The transformation of the economy of the IGAD region is unthinkable without also transforming the agricultural sector. Poverty eradication and overall food security could not be achieved without higher productivity in agriculture. Increased productivity in agriculture would directly improve the livelihood of 80 percent of the inhabitants of the IGAD region. More importantly, the main inputs for transforming the IGAD region’s economy would be agricultural products that feed into the industrial sector. The various policies and strategic frameworks of IGAD and MSs also recognize and help to underpin this vital role of the agricultural sector.

With the exception of Eritrea which does not yet have a constitution, all MSs have progressive constitutions with a varied degree of successful implementation of constitutional democracy. Nevertheless, institutional and societal practices remain regressive in terms of good governance, accountability, democracy, elections and transparency in public sector. While some MSs (Ethiopia for example) have standalone policies on foreign policy and security, others have included their policies and laws in vision statements such as Djibouti‘s Vision 2035, Ethiopia’s Growth and Transformation Plan and Foreign Affairs and National Security Policy and Strategy, Kenya’s Vision 2030, Somalia’s Vision 2016, and Uganda’s Vision 2040.

The IGAD region has invested extensively in building transport corridors. Of the road, air, marine and rail transportation sectors, the road sector has been the most dominant. There are more than thirteen transport corridors that link the IGAD region in Ethiopia, Kenya, Somaliland, Sudan, South Sudan, and Djibouti. These transport corridors are instrumental in promoting economic efficiency as they link several economic centers through various modes of transport. With the highest share of public expenditure, the lion’s share of the region’s current transformation of the region comes from the transportation sector. Despite being in its infancy, the railway corridors are growing and are expected to continue growing in the next decade. For example, covering 4,744 kms, railway construction between Djibouti and Ethiopia is planned to be completed in 2015. The airline carriers in the IGAD region such as Ethiopian Airlines and Kenyan Airways have linked the region by air. The maritime sector enjoys similar importance. Over the years its capacity has grown considerably while piracy and illegal activities have seriously affected the sector. With more regional stability, the economic contributions of the ‘Blue Economy’ associated to the maritime will increase and enhance the integration with land-linked countries. Despite recent growth and given its potential to contribute to economic development, the tourism sector is not contributing as expected. Similarly in spite of the recent massive expansion in the quantity of services, the ICT sector suffers from infrastructure and quality related challenges, lack of skilled manpower and a deficiency of regulatory frameworks.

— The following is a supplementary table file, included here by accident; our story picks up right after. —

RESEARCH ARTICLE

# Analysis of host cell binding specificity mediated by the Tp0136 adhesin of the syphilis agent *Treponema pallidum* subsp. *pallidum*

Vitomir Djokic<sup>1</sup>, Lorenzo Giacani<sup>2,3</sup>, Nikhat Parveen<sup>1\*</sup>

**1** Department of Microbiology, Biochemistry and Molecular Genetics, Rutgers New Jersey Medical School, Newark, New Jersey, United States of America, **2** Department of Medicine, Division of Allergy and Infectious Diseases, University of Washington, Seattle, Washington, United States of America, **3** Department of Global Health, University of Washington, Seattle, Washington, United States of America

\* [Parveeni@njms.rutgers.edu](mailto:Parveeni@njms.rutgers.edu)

Development in the region also has brought demands for certain skills such as those in construction, transport, service, manufacturing etc. So far the informal sector and the public service remain the main sources for employment opportunities. The private sector is not yet meeting expectations in generating jobs and reducing unemployment. Thus, in a bid to help the informal economy and the private sector to contribute their fair share to the development of the region, IGAD has established the Business Forum to addressing constraints that are hampering the informal sector and the growth of the private sector such as challenges in relation to procedures and attempts to licence and tax the informal sector, infrastructure, credit, work premises, extension services, and market linkages.

Examination of the major gender equality indicators in the economic, social and political realms show that significant improvements have been registered in the region over the years. A three-pronged approach that targeted the setting up of necessary legal and policy frameworks, the establishment of institutional structure/s and delivery of packages of services aimed at empowering women has succeeded in bringing about positive results in terms of gender equality indicators in IGAD. Gender equality and empowerment are conceived as functions of political economy and social status in each country. Thus gender equality and empowerment are expressed through their place in, and the benefits of women from, the various sectors. These include in politics and decision making, legal and policy frameworks, and institutional frameworks for gender equality.